For SEC brass, long commutes show dedication to jobs

You think you have a long commute?

It’s probably safe to say that some of the top brass at the SEC have it tougher – traveling 226 miles one way to their homes in New York at the end of the work week, and then back again. All on Amtrak.

Mary Jo White, chairman of the U.S. Securities and Exchange Commission. (Andrew Harrer/Bloomberg). Mary Jo White, chairman of the U.S. Securities and Exchange Commission. (Andrew Harrer/Bloomberg)

SEC Chairman Mary Jo White does it, generally heading out Fridays to reunite with her husband John, a partner at Cravath, Swaine & Moore in New York. After all, he made the same trek for her nearly a decade ago, during his stint as head of the agency’s corporate finance unit. Back then, she was the big law firm partner, working at Debevoise & Plimpton in New York.

Andrew Ceresney does it, too. He grew up in Brooklyn, and spent 34 of his 42 years living there. Getting hired as chief of the SEC’s enforcement division nearly a year ago won’t change that. “I live there now with my family – my wife and two kids,” Ceresney said in a recent interview. “Washington is a great city, but I’m a New Yorker through and through.”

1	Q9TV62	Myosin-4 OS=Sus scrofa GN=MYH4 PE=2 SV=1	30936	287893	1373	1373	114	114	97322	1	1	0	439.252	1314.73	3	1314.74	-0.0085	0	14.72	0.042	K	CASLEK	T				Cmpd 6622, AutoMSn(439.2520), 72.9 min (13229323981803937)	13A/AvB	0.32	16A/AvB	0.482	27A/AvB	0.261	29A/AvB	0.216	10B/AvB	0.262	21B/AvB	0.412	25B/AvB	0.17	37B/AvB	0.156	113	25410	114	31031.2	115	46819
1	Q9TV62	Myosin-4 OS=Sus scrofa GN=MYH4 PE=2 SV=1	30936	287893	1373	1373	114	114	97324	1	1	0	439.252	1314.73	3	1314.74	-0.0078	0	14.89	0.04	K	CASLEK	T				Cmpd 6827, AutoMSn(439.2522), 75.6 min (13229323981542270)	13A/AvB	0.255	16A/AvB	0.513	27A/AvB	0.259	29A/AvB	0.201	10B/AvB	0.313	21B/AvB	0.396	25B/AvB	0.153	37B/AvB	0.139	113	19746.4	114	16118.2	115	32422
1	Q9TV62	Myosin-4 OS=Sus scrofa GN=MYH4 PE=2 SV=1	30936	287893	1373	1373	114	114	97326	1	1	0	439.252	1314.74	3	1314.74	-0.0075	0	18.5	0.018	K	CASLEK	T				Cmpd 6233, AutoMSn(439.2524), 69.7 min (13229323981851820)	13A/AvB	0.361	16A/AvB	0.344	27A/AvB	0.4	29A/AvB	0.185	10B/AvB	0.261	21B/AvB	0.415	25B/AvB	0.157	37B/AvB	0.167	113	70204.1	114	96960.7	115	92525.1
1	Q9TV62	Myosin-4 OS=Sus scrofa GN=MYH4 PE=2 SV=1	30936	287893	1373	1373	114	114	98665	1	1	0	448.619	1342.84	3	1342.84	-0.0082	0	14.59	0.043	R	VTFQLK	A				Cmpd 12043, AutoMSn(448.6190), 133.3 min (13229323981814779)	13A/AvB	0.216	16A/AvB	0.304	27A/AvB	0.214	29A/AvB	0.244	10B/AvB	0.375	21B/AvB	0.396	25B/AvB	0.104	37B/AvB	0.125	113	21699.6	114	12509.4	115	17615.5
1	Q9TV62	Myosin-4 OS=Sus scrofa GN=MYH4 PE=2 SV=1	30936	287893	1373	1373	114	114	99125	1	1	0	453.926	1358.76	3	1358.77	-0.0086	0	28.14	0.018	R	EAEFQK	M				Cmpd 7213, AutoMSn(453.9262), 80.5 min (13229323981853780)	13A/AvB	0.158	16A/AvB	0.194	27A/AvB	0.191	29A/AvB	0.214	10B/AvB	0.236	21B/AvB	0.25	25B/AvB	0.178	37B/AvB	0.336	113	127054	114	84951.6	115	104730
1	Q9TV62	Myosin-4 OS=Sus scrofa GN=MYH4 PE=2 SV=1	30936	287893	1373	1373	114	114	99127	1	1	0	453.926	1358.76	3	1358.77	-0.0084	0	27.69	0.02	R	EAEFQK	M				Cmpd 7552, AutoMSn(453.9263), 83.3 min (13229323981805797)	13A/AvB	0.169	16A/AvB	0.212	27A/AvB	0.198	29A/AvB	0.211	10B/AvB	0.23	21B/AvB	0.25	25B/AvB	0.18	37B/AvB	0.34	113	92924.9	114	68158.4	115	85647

George Canellos did the commute for more than a year, most recently as co-director of the SEC’s enforcement unit. During that time, Canellos twice renegotiated the length of his stay at the agency with his wife, who lives in New York with their 20-month-old daughter.

Taxpayers don’t foot the bill for the travel – or the D.C. rent. The regulators pay both of those out of pocket. By contrast, members of Congress get an annual allotment that they can use to regularly travel back home, which counts as part of their official duties.

The SEC has a long tradition of hiring its division heads from New York, the capital of capital markets, and requiring them to live in Washington. Hence the weekend commute to the Big Apple.

But at least it’s hassle-free. The agency is connected to Union Station.

Dina ElBoghdady covers housing policy for The Washington Post.

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